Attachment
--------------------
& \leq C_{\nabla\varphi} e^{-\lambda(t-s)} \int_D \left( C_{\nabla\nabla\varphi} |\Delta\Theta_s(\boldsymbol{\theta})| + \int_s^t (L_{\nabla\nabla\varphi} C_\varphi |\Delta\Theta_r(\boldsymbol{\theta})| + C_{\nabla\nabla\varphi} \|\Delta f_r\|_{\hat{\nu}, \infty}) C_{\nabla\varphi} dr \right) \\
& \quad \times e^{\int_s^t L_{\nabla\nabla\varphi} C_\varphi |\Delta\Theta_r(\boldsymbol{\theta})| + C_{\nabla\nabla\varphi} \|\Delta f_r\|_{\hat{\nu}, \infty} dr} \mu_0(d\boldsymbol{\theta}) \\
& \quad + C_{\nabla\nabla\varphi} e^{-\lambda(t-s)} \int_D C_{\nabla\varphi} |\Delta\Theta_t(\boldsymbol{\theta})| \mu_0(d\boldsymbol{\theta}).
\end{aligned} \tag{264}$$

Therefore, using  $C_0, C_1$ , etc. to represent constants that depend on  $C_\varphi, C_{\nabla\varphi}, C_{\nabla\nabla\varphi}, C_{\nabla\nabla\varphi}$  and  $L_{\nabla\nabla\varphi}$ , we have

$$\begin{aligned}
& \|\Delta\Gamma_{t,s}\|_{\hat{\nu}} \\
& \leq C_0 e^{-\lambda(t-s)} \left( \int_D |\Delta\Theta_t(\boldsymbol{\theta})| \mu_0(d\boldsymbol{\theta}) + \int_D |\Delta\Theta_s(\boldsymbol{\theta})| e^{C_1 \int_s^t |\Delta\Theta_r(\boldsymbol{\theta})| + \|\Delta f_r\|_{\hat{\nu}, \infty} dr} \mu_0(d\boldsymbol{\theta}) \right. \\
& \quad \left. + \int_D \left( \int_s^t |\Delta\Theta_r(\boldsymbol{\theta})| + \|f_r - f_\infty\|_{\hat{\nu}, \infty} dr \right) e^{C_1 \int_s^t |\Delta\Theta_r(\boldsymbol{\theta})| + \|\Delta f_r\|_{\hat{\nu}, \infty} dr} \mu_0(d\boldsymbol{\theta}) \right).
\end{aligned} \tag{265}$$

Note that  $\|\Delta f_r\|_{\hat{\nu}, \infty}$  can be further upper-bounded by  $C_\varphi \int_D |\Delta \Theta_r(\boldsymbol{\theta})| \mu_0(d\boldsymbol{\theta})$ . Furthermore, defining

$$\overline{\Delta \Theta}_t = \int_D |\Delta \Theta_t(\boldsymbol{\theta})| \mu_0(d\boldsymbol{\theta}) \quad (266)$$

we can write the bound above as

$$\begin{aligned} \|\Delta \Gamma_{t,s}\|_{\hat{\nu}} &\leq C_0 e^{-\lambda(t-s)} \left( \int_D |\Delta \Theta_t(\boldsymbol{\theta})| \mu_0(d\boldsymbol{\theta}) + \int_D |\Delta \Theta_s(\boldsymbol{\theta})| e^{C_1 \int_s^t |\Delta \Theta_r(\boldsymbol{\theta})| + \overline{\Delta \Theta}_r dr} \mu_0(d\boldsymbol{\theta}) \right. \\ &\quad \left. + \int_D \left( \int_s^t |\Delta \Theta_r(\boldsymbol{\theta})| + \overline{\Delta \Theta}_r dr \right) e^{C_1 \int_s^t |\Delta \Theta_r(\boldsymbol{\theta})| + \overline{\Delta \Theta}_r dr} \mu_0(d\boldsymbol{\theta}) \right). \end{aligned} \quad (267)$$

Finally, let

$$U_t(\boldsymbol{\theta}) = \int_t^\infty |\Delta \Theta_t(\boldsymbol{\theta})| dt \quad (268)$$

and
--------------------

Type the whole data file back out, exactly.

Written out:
& \leq C_{\nabla\varphi} e^{-\lambda(t-s)} \int_D \left( C_{\nabla\nabla\varphi} |\Delta\Theta_s(\boldsymbol{\theta})| + \int_s^t (L_{\nabla\nabla\varphi} C_\varphi |\Delta\Theta_r(\boldsymbol{\theta})| + C_{\nabla\nabla\varphi} \|\Delta f_r\|_{\hat{\nu}, \infty}) C_{\nabla\varphi} dr \right) \\
& \quad \times e^{\int_s^t L_{\nabla\nabla\varphi} C_\varphi |\Delta\Theta_r(\boldsymbol{\theta})| + C_{\nabla\nabla\varphi} \|\Delta f_r\|_{\hat{\nu}, \infty} dr} \mu_0(d\boldsymbol{\theta}) \\
& \quad + C_{\nabla\nabla\varphi} e^{-\lambda(t-s)} \int_D C_{\nabla\varphi} |\Delta\Theta_t(\boldsymbol{\theta})| \mu_0(d\boldsymbol{\theta}).
\end{aligned} \tag{264}$$

Therefore, using  $C_0, C_1$ , etc. to represent constants that depend on  $C_\varphi, C_{\nabla\varphi}, C_{\nabla\nabla\varphi}, C_{\nabla\nabla\varphi}$  and  $L_{\nabla\nabla\varphi}$ , we have

$$\begin{aligned}
& \|\Delta\Gamma_{t,s}\|_{\hat{\nu}} \\
& \leq C_0 e^{-\lambda(t-s)} \left( \int_D |\Delta\Theta_t(\boldsymbol{\theta})| \mu_0(d\boldsymbol{\theta}) + \int_D |\Delta\Theta_s(\boldsymbol{\theta})| e^{C_1 \int_s^t |\Delta\Theta_r(\boldsymbol{\theta})| + \|\Delta f_r\|_{\hat{\nu}, \infty} dr} \mu_0(d\boldsymbol{\theta}) \right. \\
& \quad \left. + \int_D \left( \int_s^t |\Delta\Theta_r(\boldsymbol{\theta})| + \|f_r - f_\infty\|_{\hat{\nu}, \infty} dr \right) e^{C_1 \int_s^t |\Delta\Theta_r(\boldsymbol{\theta})| + \|\Delta f_r\|_{\hat{\nu}, \infty} dr} \mu_0(d\boldsymbol{\theta}) \right).
\end{aligned} \tag{265}$$

Note that  $\|\Delta f_r\|_{\hat{\nu}, \infty}$  can be further upper-bounded by  $C_\varphi \int_D |\Delta \Theta_r(\boldsymbol{\theta})| \mu_0(d\boldsymbol{\theta})$ . Furthermore, defining

$$\overline{\Delta \Theta}_t = \int_D |\Delta \Theta_t(\boldsymbol{\theta})| \mu_0(d\boldsymbol{\theta}) \quad (266)$$

we can write the bound above as

$$\begin{aligned} \|\Delta \Gamma_{t,s}\|_{\hat{\nu}} &\leq C_0 e^{-\lambda(t-s)} \left( \int_D |\Delta \Theta_t(\boldsymbol{\theta})| \mu_0(d\boldsymbol{\theta}) + \int_D |\Delta \Theta_s(\boldsymbol{\theta})| e^{C_1 \int_s^t |\Delta \Theta_r(\boldsymbol{\theta})| + \overline{\Delta \Theta}_r dr} \mu_0(d\boldsymbol{\theta}) \right. \\ &\quad \left. + \int_D \left( \int_s^t |\Delta \Theta_r(\boldsymbol{\theta})| + \overline{\Delta \Theta}_r dr \right) e^{C_1 \int_s^t |\Delta \Theta_r(\boldsymbol{\theta})| + \overline{\Delta \Theta}_r dr} \mu_0(d\boldsymbol{\theta}) \right). \end{aligned} \quad (267)$$

Finally, let

$$U_t(\boldsymbol{\theta}) = \int_t^\infty |\Delta \Theta_t(\boldsymbol{\theta})| dt \quad (268)$$

and